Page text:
PwC is experimenting with chatbots to speed up its lawyers

PwC has announced a chatbot experiment aimed at speeding up the work of its 4,000 lawyers, in the latest sign that professional services firms are rushing to adopt artificial intelligence.

A 12-month deal with startup Harvey will give the lawyers access to legal AI, which PwC says would help them work faster on tasks like analyzing contracts and conducting due diligence.

The Big Four firm said it also plans to find ways to use the service in its tax practice.

Allianz is the latest example of a professional services firm experimenting with “generative” AI since the launch of ChatGPT. The AI ​​chatbot developed by Microsoft-backed OpenAI has sparked interest in the technology’s potential to help businesses become more efficient.

Harvey’s software was built using OpenAI’s latest technology, GPT-4, which the company says appears to have far greater legal thinking ability than its predecessor.

Carol Stubbings, PwC’s global leader in tax and legal services, said the technology “marks a tremendous shift in the way tax and legal services are delivered and consumed across the industry”.

The company said the technology would speed up decision-making by providing answers to questions, which staff would then review and add to.

Because it’s able to analyze massive amounts of text and write compelling answers to questions, it can also be used to pull together key clauses from batches of contracts, PwC said, and eventually initial due diligence reports based on instructions from create lawyers.

The Big Four firm said it plans to use the Harvey platform to develop bespoke products for tax and legal clients.

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The AI ​​would not serve as legal advice and would not replace lawyers, according to PwC.

Exploring the use of AI by the professional services industry is the latest development in the ongoing shift toward automating routine tasks.

Bain & Co and the Boston Consulting Group are experimenting with OpenAI, among other things.

Law firm Allen & Overy is already using Harvey, but has insisted the technology would not replace staff, reduce billable hours, or save money for the firm or its clients. The technology could help to reduce costs in the future, it said.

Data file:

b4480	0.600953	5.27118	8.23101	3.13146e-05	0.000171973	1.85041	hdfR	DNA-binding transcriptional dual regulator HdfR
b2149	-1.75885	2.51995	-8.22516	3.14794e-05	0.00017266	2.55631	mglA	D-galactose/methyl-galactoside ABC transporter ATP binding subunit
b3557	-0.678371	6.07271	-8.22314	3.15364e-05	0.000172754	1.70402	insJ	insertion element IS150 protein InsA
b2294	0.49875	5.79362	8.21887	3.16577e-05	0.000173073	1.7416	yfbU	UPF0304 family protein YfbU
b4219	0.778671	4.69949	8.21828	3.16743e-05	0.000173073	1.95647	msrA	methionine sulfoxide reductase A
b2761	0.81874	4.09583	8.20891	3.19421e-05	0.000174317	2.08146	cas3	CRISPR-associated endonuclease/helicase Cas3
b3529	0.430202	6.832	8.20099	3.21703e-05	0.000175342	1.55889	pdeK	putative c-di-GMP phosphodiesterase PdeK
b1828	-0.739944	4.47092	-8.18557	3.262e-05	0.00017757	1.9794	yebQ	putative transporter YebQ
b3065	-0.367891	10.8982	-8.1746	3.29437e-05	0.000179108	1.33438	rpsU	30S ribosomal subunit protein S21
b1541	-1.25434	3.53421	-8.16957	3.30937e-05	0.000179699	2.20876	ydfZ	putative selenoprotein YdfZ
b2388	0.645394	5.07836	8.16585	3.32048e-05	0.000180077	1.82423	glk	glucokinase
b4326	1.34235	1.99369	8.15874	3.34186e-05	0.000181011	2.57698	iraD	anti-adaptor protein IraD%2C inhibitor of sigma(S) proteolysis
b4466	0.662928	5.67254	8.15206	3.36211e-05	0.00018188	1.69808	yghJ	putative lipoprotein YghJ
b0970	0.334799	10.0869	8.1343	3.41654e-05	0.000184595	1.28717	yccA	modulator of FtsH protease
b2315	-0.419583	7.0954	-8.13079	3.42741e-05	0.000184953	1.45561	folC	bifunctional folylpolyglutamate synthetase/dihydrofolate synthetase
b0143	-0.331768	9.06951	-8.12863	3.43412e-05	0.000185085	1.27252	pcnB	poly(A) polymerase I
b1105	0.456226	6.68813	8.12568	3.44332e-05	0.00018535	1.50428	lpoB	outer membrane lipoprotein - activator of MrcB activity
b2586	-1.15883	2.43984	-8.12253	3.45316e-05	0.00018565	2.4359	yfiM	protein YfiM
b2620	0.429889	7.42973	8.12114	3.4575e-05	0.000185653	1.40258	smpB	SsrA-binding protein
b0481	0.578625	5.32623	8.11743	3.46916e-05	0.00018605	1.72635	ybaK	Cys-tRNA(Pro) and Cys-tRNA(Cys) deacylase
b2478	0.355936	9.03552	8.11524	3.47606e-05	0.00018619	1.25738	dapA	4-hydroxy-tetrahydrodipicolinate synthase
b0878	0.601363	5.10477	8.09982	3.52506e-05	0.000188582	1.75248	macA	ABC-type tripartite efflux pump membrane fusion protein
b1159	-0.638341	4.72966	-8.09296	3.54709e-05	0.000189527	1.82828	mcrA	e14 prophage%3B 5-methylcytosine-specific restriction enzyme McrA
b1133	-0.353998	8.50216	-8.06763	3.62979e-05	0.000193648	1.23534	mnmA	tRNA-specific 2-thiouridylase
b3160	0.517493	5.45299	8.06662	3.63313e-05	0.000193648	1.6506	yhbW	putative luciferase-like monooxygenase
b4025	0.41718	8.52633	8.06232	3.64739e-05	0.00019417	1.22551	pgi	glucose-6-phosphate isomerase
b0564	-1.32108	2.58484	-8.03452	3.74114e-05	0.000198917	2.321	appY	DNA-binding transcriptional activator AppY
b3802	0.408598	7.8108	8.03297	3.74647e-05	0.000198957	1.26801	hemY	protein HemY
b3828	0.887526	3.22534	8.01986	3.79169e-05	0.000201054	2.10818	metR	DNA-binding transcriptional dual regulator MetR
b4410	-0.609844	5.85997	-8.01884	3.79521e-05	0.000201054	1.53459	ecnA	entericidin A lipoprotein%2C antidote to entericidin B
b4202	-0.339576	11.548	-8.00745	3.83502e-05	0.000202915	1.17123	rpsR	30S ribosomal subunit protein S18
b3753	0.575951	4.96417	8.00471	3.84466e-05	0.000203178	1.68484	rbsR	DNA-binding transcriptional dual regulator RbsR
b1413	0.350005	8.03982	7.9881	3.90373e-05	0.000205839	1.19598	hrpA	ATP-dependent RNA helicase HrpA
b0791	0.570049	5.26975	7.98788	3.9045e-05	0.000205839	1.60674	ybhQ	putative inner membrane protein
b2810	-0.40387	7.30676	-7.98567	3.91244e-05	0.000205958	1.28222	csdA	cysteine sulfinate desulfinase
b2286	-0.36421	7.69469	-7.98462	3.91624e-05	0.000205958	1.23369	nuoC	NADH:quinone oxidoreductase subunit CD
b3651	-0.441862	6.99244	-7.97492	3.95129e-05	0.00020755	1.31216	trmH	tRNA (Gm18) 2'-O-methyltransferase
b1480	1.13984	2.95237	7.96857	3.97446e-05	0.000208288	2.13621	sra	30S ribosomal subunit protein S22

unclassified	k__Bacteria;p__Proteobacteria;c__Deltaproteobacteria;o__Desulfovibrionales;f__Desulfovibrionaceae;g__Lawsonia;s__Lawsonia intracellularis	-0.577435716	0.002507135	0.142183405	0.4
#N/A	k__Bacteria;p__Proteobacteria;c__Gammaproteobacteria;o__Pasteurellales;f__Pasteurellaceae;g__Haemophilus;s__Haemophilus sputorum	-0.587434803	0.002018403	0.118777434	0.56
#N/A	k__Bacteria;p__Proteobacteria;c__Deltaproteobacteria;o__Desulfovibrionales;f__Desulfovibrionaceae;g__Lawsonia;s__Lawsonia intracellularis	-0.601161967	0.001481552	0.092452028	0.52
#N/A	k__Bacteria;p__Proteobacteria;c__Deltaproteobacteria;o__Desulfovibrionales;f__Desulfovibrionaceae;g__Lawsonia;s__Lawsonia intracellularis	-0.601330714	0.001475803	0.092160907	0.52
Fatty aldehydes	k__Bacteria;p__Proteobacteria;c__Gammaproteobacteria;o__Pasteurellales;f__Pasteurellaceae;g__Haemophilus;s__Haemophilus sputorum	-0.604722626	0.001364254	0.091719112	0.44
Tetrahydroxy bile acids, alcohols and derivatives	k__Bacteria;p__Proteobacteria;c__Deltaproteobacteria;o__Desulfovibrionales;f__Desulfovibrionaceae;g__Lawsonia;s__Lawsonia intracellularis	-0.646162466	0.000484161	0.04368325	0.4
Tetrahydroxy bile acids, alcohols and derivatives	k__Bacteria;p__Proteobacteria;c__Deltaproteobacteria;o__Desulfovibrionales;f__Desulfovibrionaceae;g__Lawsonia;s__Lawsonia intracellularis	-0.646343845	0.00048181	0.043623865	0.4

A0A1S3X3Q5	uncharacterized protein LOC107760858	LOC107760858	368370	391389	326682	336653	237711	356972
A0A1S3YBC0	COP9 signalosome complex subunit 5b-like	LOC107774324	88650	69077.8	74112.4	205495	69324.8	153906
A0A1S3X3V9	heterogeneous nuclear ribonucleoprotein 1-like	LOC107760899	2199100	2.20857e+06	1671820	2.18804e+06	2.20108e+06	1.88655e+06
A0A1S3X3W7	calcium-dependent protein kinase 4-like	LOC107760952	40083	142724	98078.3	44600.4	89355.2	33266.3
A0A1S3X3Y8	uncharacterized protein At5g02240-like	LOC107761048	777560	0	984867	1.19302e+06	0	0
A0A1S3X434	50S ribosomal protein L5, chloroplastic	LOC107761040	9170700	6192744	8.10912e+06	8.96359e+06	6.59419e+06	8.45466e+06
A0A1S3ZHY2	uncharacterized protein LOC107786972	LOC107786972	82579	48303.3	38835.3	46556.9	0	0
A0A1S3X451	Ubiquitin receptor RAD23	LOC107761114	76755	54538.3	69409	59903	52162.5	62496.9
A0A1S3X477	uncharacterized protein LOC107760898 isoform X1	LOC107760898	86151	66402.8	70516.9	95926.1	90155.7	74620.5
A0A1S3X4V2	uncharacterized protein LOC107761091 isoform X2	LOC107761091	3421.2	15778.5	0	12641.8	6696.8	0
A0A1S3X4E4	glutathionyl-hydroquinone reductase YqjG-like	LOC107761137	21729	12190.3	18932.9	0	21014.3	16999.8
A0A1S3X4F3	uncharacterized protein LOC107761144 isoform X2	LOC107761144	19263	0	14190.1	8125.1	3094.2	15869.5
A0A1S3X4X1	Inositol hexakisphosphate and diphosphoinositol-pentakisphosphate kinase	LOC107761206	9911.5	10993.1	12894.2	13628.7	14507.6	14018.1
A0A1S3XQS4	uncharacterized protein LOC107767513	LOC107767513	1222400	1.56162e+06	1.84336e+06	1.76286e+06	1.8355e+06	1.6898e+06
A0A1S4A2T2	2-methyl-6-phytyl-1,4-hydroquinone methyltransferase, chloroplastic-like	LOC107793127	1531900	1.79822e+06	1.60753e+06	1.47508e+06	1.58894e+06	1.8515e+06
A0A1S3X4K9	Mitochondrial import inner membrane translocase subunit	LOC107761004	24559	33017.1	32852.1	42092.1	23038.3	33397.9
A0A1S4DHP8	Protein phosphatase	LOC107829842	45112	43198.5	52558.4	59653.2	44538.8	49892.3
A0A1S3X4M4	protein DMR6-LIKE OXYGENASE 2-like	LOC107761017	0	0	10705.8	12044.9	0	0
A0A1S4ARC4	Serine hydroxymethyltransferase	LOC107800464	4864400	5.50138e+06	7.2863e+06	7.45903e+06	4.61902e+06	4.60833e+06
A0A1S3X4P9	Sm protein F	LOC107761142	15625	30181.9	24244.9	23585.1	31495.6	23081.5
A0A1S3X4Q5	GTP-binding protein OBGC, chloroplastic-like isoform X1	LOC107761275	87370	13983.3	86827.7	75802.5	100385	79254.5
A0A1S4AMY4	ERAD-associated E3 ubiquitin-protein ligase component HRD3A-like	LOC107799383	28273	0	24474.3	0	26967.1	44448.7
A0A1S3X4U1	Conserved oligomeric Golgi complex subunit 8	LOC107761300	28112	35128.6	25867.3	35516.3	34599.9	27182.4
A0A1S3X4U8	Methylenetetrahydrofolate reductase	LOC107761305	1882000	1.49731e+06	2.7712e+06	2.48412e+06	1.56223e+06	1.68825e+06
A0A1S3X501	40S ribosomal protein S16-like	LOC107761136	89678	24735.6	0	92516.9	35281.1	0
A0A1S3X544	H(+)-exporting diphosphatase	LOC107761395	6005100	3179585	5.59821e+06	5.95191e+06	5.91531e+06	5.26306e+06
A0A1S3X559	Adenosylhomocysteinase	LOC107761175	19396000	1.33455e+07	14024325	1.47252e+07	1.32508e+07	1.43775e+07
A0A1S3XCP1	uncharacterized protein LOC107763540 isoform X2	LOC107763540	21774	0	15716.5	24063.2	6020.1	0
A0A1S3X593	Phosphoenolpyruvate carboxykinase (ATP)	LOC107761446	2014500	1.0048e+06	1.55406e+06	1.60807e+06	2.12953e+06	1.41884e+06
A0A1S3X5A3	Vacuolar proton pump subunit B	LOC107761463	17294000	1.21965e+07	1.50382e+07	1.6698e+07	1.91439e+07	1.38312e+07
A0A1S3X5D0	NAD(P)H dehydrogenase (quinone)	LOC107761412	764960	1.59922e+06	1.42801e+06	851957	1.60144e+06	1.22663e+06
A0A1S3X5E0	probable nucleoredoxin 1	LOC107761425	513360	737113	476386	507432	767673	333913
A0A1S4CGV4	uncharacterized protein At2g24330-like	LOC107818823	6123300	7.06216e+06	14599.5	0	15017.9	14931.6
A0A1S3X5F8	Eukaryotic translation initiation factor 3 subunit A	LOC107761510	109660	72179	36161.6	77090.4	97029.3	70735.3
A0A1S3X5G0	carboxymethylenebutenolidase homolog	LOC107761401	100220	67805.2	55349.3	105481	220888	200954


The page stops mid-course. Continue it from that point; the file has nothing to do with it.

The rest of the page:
Harvey’s competitor, Robin AI, said it provides services to two Big Four consulting firms and law firm Clifford Chance, which use the software to review and edit contracts. Their services are based on technology developed by US start-up Anthropic.

“The goal is to automate the high-volume work that nobody should be doing,” said Richard Robinson, Robin’s chief executive.

Despite the widespread interest, some advisors are concerned about the impact on data and confidentiality.

Consulting firm Accenture has banned its employees from using ChatGPT and similar technologies “without permission.” The company, which employs more than 700,000 people, told employees in an email accessible to the Financial Times that it had updated its policies on confidentiality and the use of technology to prevent disclosure of sensitive information.

It also said it would establish a generative AI “centre of excellence” to advise on “responsible uses.” It did not immediately respond to a request for comment.

Municipal law firm Mishcon de Reya has also instructed employees not to upload customer information to chatbot tools. The firm said its data science team and some of its attorneys are discussing how the technology could be used by the firm.

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Additional reporting by Kate Beioley